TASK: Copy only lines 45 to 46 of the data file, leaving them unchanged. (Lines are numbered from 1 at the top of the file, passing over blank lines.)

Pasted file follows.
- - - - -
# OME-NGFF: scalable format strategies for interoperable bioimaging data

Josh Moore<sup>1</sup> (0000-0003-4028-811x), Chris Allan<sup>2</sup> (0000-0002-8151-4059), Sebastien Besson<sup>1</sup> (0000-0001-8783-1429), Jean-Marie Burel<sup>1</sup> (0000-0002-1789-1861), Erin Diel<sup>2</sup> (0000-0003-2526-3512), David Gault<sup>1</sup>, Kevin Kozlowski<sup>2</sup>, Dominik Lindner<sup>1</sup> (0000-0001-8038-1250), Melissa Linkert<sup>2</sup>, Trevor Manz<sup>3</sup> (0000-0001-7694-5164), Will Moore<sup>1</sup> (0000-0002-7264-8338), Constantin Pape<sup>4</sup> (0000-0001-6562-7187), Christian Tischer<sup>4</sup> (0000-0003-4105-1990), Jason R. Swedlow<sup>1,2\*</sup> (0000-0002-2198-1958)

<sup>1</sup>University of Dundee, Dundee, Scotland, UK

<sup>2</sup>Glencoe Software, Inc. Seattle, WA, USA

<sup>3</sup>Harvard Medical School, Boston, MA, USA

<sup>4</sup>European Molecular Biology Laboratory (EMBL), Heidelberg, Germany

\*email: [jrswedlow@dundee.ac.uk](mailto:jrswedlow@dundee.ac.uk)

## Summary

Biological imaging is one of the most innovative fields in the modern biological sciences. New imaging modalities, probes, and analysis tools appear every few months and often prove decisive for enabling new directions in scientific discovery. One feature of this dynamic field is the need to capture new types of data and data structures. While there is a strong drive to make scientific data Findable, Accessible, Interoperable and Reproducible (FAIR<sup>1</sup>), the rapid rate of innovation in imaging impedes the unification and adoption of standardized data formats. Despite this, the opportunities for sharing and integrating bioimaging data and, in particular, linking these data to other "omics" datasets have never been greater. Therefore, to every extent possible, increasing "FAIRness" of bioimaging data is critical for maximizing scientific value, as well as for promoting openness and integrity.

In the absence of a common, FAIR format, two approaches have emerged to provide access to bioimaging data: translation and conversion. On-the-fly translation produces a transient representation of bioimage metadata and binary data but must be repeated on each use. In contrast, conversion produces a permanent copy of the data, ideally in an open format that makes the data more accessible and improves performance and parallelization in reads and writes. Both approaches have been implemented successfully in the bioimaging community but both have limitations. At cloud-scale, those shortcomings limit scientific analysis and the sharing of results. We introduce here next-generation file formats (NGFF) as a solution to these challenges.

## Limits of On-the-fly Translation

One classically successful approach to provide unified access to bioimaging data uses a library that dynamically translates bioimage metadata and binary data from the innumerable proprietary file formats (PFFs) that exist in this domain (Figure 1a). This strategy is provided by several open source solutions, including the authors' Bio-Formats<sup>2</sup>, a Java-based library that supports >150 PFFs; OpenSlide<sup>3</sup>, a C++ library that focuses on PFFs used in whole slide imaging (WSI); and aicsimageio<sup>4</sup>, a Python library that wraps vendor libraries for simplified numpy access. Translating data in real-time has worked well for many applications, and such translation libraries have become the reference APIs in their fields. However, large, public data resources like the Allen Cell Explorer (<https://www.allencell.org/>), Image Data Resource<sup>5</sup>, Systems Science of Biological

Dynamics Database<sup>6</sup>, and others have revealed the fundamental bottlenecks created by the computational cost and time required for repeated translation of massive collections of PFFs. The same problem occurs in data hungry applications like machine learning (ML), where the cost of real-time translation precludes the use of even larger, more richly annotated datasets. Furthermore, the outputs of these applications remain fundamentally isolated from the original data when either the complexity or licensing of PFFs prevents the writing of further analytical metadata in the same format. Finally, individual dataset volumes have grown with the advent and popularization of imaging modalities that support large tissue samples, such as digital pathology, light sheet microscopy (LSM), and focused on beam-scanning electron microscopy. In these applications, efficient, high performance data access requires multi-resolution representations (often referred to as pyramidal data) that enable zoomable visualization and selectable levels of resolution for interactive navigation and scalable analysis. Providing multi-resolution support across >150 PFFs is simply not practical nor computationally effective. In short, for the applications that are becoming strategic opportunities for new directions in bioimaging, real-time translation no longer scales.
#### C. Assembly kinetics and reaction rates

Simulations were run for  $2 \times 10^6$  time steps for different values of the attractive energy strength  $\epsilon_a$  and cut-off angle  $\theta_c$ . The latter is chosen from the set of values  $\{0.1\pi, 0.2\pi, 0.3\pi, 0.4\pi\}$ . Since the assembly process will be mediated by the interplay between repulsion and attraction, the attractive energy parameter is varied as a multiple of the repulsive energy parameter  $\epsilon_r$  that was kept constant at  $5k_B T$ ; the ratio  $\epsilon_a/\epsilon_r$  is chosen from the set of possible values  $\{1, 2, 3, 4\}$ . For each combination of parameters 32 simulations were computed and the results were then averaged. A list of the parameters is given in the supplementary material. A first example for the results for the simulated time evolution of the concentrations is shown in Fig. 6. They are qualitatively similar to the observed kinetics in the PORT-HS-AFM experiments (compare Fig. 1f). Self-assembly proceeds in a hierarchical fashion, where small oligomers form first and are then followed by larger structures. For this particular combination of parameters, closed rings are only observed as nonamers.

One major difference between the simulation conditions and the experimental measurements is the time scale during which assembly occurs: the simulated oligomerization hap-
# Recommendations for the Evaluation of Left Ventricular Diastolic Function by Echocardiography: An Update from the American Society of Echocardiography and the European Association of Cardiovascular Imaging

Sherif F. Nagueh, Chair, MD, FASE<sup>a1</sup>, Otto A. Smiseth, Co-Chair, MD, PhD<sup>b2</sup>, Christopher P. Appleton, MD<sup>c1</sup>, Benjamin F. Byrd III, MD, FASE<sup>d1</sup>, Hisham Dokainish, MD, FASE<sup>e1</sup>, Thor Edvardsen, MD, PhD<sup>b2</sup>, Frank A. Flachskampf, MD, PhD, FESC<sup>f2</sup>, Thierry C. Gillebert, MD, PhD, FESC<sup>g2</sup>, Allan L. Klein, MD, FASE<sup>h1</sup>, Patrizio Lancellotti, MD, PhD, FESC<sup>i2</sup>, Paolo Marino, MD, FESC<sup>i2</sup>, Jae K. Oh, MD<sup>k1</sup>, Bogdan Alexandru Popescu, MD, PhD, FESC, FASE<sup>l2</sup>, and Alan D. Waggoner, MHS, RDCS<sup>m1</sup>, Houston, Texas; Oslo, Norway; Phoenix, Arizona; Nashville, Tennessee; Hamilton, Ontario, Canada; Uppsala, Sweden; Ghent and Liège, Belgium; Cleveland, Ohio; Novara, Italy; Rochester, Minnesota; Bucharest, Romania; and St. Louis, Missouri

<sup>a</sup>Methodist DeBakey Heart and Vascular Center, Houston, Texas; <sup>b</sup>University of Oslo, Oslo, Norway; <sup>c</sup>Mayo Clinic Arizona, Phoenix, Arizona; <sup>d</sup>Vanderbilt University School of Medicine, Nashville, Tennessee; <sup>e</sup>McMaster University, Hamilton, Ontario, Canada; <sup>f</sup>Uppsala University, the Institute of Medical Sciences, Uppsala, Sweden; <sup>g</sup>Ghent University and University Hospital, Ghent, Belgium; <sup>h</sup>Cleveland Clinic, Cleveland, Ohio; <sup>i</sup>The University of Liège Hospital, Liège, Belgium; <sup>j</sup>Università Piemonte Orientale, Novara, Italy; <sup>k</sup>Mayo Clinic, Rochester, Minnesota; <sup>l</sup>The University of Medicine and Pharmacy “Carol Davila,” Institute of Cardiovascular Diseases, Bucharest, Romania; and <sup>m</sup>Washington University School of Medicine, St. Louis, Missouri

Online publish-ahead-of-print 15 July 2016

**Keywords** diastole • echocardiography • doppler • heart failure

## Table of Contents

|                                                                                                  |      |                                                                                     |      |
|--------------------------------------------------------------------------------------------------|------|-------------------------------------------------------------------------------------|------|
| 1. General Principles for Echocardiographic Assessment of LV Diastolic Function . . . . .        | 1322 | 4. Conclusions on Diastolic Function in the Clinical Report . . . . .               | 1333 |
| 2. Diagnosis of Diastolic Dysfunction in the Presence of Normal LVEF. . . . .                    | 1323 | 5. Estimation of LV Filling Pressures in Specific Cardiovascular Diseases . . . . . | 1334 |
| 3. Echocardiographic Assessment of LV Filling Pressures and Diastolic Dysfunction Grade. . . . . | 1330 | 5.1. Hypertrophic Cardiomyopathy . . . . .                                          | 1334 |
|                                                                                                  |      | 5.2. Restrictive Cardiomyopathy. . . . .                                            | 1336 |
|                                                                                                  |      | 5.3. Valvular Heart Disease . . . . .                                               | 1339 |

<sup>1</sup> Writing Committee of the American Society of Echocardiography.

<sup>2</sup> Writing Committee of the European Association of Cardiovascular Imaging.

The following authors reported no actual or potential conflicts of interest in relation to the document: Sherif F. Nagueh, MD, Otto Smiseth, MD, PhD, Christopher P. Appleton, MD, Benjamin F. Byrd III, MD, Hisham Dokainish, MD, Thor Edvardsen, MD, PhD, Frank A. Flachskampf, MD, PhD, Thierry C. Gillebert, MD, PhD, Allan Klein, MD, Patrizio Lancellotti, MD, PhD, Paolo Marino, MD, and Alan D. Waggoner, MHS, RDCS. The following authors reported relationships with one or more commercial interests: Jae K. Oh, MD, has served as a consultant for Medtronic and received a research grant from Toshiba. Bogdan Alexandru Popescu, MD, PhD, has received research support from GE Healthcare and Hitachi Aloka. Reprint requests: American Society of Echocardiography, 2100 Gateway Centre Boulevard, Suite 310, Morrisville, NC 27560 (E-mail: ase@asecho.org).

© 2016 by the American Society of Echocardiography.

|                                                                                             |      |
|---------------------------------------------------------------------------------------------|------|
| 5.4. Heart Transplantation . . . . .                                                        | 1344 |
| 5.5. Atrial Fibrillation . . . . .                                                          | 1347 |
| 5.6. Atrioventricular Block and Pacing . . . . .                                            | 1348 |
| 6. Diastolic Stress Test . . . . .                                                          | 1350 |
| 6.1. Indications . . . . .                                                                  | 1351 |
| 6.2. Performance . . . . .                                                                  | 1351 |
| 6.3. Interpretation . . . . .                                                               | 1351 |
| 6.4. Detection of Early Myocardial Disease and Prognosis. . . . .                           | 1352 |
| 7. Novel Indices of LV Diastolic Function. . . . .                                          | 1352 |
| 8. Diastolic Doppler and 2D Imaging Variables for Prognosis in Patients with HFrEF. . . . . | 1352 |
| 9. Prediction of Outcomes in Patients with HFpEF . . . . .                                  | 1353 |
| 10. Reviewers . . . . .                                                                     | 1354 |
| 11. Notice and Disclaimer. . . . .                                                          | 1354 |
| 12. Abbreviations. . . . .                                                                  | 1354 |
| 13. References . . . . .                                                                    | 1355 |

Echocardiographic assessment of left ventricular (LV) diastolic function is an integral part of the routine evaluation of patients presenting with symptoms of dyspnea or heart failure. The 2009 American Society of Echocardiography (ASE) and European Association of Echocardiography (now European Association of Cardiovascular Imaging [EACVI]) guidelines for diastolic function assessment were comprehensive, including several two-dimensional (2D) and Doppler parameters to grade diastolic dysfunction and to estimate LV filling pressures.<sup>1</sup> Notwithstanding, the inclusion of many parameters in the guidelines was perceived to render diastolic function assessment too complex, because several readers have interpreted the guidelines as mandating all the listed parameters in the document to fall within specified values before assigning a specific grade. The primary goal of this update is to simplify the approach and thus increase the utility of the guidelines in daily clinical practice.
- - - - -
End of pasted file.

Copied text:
| 8. Diastolic Doppler and 2D Imaging Variables for Prognosis in Patients with HFrEF. . . . . | 1352 |
| 9. Prediction of Outcomes in Patients with HFpEF . . . . .                                  | 1353 |